Dont close hearts to Jews whove strayed

We all make mistakes. Some of us have made more than others, or repeated the same blunders. Our missteps, however, don't make us any less Jewish.

That fact sometimes gets forgotten when someone in our community falls from grace.

Certainly, Jewish prisoners have more time than the rest of us to reflect on their mistakes. While they already have been punished by the criminal justice system, most face a second sentence imposed by families, former friends and congregations when they return — the sentence of judgment.

This borders on double jeopardy, in which a criminal is tried twice for the same crime.

Perhaps, we as a Jewish community are selective about whom we forgive. If Jews who have committed crimes make real tshuvah (repentance), who are we to continue to judge them?

Most ex-convicts probably feel too ashamed to return to their communities. But whether their fall from grace with the community is actual or perceived, the anguish is real. If they affiliate at all, most go to a congregation where they are not known.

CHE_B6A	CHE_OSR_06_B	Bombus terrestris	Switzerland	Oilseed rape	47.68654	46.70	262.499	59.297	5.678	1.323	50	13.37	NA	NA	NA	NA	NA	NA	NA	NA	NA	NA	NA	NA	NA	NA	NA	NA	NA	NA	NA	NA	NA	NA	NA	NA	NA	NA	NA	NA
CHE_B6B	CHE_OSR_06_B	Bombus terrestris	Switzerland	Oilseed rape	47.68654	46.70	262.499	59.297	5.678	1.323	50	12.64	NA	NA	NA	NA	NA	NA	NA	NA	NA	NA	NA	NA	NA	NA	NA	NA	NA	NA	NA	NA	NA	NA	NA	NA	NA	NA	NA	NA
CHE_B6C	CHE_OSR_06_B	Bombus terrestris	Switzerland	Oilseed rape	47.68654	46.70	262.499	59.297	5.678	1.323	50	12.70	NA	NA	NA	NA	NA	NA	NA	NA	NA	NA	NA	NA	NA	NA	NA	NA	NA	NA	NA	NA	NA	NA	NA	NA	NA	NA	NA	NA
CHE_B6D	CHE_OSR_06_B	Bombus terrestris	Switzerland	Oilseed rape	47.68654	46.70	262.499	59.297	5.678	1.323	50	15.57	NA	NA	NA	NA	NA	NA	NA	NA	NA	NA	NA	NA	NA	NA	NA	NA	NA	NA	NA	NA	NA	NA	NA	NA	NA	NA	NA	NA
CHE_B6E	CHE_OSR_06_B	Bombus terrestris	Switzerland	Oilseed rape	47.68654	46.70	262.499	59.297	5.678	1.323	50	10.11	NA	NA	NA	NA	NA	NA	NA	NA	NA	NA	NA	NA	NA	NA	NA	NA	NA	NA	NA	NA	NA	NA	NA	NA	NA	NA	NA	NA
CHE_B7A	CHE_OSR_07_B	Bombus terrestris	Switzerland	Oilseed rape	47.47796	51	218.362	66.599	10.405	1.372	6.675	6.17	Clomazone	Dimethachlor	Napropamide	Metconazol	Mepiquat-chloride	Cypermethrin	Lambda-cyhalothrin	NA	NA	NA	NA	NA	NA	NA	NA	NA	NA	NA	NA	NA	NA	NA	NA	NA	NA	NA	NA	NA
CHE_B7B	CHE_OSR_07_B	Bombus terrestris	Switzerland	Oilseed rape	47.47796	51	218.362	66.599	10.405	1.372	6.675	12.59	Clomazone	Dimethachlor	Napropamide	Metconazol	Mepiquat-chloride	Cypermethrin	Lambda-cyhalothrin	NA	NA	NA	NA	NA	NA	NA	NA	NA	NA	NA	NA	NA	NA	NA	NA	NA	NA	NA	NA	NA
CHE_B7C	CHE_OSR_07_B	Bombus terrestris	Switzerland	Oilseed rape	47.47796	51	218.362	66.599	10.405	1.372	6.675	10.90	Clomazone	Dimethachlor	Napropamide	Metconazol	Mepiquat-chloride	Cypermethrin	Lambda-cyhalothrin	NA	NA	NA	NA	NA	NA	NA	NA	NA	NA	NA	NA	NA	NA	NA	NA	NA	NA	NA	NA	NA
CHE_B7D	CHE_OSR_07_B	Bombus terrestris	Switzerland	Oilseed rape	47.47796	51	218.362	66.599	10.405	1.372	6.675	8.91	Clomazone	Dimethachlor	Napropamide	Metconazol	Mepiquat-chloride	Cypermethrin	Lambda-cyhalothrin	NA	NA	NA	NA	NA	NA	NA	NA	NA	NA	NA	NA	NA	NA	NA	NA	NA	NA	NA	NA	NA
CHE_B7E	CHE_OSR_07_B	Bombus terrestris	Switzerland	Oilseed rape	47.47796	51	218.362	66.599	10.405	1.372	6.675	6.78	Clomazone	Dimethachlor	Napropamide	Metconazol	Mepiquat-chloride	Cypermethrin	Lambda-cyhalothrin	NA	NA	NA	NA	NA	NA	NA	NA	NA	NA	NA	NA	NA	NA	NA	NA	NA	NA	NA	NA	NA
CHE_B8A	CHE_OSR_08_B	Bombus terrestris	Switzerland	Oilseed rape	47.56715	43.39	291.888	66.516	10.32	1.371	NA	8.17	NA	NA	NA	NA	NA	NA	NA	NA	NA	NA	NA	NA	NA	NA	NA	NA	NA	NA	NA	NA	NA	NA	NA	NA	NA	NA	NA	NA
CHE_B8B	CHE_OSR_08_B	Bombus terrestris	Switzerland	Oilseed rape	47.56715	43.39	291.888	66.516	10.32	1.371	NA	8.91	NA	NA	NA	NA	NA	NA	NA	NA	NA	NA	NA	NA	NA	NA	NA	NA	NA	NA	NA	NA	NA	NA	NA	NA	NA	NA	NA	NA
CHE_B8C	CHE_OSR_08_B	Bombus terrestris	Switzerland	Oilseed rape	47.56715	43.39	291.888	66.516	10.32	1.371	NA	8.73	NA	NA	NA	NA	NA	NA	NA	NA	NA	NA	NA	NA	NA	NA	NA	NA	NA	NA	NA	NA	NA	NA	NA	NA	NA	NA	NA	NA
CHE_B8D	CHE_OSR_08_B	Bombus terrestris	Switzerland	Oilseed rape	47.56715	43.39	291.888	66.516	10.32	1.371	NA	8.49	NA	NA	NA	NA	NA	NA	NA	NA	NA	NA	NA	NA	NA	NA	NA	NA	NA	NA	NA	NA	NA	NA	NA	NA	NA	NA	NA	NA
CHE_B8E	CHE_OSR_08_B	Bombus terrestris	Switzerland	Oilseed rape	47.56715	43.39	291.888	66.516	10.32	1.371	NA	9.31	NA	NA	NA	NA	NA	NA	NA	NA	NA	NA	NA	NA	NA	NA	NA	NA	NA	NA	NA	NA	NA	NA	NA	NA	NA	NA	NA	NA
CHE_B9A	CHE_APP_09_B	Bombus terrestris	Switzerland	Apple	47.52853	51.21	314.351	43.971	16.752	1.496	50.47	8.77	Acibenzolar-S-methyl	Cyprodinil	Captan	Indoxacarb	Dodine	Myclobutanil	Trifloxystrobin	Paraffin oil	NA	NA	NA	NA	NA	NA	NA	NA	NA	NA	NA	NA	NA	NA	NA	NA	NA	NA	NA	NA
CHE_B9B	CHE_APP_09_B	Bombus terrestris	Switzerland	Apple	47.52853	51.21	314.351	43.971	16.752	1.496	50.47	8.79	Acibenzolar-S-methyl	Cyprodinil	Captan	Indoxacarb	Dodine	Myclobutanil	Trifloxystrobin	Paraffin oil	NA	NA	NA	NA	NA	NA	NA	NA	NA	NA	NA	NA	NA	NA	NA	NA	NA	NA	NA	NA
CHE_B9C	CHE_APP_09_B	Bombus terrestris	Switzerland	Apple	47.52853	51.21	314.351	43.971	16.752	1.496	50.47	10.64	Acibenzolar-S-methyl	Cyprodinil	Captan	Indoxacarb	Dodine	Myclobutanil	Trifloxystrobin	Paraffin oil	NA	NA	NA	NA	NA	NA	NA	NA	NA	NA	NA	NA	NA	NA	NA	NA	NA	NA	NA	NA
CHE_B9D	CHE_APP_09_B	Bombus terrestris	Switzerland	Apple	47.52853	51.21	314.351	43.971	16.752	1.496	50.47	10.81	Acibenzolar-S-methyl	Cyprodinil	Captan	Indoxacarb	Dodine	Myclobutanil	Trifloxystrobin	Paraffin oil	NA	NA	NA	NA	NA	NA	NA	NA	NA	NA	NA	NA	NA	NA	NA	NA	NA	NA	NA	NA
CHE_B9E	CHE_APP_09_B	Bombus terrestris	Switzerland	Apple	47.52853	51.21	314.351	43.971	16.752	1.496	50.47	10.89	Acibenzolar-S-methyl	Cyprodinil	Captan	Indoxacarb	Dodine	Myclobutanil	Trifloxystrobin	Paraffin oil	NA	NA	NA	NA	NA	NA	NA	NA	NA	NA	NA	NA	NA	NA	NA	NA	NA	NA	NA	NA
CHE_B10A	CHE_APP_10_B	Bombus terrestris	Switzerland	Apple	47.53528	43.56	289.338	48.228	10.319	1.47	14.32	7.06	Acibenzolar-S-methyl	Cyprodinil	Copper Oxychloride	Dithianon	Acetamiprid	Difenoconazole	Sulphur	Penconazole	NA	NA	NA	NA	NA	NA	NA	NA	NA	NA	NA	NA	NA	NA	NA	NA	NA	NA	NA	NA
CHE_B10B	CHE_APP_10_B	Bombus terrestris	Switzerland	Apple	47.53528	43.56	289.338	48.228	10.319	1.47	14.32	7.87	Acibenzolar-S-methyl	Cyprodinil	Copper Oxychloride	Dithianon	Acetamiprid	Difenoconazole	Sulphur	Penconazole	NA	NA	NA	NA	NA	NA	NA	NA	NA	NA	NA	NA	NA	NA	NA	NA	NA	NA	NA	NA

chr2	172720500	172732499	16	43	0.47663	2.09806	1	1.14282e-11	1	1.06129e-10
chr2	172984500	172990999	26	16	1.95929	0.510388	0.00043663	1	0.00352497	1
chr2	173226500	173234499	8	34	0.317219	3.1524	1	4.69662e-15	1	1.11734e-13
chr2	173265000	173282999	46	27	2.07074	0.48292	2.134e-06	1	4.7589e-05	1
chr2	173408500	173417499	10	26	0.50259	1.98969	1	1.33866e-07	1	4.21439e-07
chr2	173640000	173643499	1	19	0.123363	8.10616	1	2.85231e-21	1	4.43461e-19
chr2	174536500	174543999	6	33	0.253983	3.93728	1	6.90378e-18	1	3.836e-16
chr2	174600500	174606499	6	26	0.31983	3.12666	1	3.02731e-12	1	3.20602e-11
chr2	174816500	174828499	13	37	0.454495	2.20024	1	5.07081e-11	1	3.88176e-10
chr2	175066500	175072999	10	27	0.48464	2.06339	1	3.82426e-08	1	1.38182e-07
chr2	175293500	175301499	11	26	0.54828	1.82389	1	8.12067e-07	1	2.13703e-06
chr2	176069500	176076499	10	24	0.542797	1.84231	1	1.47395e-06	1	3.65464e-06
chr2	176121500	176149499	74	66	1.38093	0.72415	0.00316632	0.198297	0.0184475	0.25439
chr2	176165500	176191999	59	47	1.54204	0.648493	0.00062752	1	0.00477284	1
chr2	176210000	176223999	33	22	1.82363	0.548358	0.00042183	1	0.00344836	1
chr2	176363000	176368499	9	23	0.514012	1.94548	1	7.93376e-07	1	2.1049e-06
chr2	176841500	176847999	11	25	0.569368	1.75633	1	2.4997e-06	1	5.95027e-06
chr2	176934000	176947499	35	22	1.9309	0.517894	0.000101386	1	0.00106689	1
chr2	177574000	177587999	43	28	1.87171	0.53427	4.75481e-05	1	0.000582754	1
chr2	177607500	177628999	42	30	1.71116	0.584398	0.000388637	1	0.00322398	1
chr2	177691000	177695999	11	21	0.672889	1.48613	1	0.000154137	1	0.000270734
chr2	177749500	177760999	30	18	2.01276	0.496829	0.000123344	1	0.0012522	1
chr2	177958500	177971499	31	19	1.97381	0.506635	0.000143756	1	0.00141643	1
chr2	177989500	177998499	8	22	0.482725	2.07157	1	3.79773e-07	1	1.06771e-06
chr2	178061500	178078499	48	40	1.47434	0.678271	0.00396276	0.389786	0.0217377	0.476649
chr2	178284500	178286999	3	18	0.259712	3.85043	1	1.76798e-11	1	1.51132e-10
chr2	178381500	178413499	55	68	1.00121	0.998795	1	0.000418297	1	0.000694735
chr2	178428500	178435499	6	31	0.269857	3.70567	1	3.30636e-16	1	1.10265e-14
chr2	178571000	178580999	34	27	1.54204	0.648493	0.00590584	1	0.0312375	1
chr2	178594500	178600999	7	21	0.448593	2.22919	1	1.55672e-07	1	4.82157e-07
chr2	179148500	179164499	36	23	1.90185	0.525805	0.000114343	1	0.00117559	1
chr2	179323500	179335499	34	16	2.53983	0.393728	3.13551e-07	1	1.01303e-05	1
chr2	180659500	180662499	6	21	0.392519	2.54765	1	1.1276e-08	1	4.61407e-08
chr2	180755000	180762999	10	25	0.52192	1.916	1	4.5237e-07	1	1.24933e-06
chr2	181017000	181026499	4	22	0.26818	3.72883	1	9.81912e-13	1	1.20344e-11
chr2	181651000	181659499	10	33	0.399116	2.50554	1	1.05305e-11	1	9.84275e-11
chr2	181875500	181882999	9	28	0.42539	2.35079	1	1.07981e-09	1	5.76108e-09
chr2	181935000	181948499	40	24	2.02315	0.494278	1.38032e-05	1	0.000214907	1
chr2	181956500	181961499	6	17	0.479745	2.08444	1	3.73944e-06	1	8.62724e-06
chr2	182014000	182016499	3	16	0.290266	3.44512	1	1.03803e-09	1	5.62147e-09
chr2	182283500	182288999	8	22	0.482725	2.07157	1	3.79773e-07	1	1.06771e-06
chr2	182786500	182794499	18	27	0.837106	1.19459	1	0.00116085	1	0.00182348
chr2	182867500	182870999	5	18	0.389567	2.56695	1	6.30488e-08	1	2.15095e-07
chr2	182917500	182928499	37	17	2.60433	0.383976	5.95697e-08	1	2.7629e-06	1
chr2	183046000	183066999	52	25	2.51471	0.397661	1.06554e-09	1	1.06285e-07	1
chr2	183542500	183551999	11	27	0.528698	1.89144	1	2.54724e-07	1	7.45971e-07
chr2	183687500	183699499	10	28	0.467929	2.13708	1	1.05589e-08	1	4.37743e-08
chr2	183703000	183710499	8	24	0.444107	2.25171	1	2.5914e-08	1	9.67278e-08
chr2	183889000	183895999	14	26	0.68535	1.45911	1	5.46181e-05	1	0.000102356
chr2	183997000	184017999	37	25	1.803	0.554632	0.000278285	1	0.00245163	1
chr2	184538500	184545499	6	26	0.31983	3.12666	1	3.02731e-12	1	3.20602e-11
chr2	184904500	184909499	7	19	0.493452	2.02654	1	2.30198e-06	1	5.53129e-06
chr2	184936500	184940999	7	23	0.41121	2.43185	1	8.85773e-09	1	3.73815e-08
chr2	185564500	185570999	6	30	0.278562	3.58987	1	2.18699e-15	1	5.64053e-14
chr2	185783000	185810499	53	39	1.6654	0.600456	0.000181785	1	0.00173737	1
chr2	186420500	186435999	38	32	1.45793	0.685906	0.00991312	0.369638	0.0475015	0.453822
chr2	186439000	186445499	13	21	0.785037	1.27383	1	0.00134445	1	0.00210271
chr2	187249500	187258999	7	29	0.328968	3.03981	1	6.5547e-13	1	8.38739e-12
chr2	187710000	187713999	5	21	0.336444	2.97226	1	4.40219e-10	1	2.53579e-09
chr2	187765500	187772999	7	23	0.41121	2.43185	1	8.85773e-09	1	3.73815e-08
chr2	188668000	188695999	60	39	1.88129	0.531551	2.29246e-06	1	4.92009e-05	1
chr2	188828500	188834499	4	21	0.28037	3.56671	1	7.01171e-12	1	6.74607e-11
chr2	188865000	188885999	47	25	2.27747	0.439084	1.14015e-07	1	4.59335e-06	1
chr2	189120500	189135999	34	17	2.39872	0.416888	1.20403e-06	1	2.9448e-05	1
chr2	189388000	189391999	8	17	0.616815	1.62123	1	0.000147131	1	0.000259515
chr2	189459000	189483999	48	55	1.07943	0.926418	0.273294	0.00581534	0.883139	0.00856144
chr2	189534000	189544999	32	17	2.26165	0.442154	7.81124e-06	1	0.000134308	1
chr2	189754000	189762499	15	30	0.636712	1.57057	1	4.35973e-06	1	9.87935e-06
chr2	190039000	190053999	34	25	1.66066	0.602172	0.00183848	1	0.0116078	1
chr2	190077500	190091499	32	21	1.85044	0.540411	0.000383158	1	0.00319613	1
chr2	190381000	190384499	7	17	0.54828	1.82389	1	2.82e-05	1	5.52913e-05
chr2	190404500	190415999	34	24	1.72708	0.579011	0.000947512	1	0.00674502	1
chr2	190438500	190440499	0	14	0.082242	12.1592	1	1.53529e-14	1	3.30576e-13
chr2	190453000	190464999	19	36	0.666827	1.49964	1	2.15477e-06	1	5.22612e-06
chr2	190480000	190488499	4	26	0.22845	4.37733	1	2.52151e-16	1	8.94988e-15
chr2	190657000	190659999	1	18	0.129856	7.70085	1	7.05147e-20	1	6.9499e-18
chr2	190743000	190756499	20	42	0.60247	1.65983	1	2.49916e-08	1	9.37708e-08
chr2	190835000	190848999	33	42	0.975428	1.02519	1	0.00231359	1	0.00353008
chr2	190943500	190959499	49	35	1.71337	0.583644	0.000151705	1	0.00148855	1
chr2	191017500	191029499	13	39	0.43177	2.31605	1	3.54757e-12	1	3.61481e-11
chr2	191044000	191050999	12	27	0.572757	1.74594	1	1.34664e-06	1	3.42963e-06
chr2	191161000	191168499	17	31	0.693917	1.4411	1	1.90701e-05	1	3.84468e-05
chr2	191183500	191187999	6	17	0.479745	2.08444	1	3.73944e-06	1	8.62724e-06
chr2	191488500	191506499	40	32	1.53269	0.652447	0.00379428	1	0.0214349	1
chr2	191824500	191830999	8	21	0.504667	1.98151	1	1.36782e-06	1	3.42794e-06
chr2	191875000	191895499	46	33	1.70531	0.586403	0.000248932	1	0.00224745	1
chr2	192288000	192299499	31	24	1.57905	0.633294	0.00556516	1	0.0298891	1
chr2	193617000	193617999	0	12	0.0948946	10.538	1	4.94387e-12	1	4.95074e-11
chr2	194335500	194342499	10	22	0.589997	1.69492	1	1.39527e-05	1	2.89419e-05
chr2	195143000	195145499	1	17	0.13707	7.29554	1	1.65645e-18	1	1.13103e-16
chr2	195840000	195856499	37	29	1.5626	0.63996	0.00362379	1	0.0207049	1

Many in the Jewish community have taken a compassionate stance on Jewish inmates through recent donations and visits to the federal women's facility in Dublin. The outpouring of support followed a March article in the Bulletin about four Jewish inmates there.

One of the prisoners later wrote to the Bulletin about how much the attention has meant to her. The donations and visits have reaffirmed her Jewish identity, and she looks forward to affiliating with a synagogue when she's released.

Those who responded to the article should be commended for their activism. Now, let's not forget those among us like Nancy Mizrahi profiled in this week's Bulletin. She and other former inmates still need our support and forgiveness.